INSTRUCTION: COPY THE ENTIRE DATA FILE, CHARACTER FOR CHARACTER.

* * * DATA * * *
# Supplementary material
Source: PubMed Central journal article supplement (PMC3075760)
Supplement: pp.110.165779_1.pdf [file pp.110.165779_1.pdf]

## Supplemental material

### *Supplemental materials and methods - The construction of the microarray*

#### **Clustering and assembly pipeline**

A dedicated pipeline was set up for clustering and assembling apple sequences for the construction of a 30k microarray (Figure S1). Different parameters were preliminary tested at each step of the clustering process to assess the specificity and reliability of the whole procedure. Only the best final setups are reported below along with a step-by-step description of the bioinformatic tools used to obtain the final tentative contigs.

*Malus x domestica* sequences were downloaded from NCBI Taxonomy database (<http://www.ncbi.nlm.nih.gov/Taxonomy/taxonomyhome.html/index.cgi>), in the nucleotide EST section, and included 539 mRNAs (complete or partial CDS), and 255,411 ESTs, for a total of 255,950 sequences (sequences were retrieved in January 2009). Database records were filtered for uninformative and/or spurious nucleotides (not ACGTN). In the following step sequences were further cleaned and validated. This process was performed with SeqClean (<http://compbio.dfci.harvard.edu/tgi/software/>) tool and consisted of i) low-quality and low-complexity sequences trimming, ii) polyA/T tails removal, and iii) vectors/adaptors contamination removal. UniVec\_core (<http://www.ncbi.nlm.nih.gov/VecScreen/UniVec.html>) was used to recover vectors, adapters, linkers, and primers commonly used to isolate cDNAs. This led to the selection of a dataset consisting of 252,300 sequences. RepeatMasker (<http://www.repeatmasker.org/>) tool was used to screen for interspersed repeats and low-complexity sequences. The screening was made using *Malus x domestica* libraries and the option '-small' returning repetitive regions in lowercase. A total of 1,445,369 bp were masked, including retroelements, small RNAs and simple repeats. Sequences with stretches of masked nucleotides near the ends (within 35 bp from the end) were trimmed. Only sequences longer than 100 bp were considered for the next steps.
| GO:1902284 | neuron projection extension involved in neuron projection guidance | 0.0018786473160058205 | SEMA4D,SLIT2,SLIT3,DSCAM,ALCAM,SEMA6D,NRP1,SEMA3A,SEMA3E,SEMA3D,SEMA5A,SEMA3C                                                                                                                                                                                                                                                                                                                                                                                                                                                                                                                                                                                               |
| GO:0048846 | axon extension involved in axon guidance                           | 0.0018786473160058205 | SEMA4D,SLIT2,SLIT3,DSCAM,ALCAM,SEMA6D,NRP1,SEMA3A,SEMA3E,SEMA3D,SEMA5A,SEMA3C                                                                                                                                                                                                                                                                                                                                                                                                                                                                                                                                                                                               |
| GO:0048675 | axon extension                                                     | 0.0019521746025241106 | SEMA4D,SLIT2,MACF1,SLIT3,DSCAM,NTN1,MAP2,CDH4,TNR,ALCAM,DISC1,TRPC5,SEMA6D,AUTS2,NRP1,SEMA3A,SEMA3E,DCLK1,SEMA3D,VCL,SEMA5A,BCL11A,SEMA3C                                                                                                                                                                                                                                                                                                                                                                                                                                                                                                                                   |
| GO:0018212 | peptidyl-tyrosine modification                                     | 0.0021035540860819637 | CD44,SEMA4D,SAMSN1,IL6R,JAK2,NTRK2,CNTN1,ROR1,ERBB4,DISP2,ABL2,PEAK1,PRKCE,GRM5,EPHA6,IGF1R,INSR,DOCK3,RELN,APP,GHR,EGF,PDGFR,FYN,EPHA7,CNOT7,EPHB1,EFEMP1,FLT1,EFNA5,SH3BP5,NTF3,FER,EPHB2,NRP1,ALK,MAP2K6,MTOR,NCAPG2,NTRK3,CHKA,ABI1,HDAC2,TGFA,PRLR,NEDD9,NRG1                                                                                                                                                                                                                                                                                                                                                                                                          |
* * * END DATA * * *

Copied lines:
# Supplementary material
Source: PubMed Central journal article supplement (PMC3075760)
Supplement: pp.110.165779_1.pdf [file pp.110.165779_1.pdf]

## Supplemental material

### *Supplemental materials and methods - The construction of the microarray*

#### **Clustering and assembly pipeline**

A dedicated pipeline was set up for clustering and assembling apple sequences for the construction of a 30k microarray (Figure S1). Different parameters were preliminary tested at each step of the clustering process to assess the specificity and reliability of the whole procedure. Only the best final setups are reported below along with a step-by-step description of the bioinformatic tools used to obtain the final tentative contigs.

*Malus x domestica* sequences were downloaded from NCBI Taxonomy database (<http://www.ncbi.nlm.nih.gov/Taxonomy/taxonomyhome.html/index.cgi>), in the nucleotide EST section, and included 539 mRNAs (complete or partial CDS), and 255,411 ESTs, for a total of 255,950 sequences (sequences were retrieved in January 2009). Database records were filtered for uninformative and/or spurious nucleotides (not ACGTN). In the following step sequences were further cleaned and validated. This process was performed with SeqClean (<http://compbio.dfci.harvard.edu/tgi/software/>) tool and consisted of i) low-quality and low-complexity sequences trimming, ii) polyA/T tails removal, and iii) vectors/adaptors contamination removal. UniVec\_core (<http://www.ncbi.nlm.nih.gov/VecScreen/UniVec.html>) was used to recover vectors, adapters, linkers, and primers commonly used to isolate cDNAs. This led to the selection of a dataset consisting of 252,300 sequences. RepeatMasker (<http://www.repeatmasker.org/>) tool was used to screen for interspersed repeats and low-complexity sequences. The screening was made using *Malus x domestica* libraries and the option '-small' returning repetitive regions in lowercase. A total of 1,445,369 bp were masked, including retroelements, small RNAs and simple repeats. Sequences with stretches of masked nucleotides near the ends (within 35 bp from the end) were trimmed. Only sequences longer than 100 bp were considered for the next steps.
| GO:1902284 | neuron projection extension involved in neuron projection guidance | 0.0018786473160058205 | SEMA4D,SLIT2,SLIT3,DSCAM,ALCAM,SEMA6D,NRP1,SEMA3A,SEMA3E,SEMA3D,SEMA5A,SEMA3C                                                                                                                                                                                                                                                                                                                                                                                                                                                                                                                                                                                               |
| GO:0048846 | axon extension involved in axon guidance                           | 0.0018786473160058205 | SEMA4D,SLIT2,SLIT3,DSCAM,ALCAM,SEMA6D,NRP1,SEMA3A,SEMA3E,SEMA3D,SEMA5A,SEMA3C                                                                                                                                                                                                                                                                                                                                                                                                                                                                                                                                                                                               |
| GO:0048675 | axon extension                                                     | 0.0019521746025241106 | SEMA4D,SLIT2,MACF1,SLIT3,DSCAM,NTN1,MAP2,CDH4,TNR,ALCAM,DISC1,TRPC5,SEMA6D,AUTS2,NRP1,SEMA3A,SEMA3E,DCLK1,SEMA3D,VCL,SEMA5A,BCL11A,SEMA3C                                                                                                                                                                                                                                                                                                                                                                                                                                                                                                                                   |
| GO:0018212 | peptidyl-tyrosine modification                                     | 0.0021035540860819637 | CD44,SEMA4D,SAMSN1,IL6R,JAK2,NTRK2,CNTN1,ROR1,ERBB4,DISP2,ABL2,PEAK1,PRKCE,GRM5,EPHA6,IGF1R,INSR,DOCK3,RELN,APP,GHR,EGF,PDGFR,FYN,EPHA7,CNOT7,EPHB1,EFEMP1,FLT1,EFNA5,SH3BP5,NTF3,FER,EPHB2,NRP1,ALK,MAP2K6,MTOR,NCAPG2,NTRK3,CHKA,ABI1,HDAC2,TGFA,PRLR,NEDD9,NRG1                                                                                                                                                                                                                                                                                                                                                                                                          |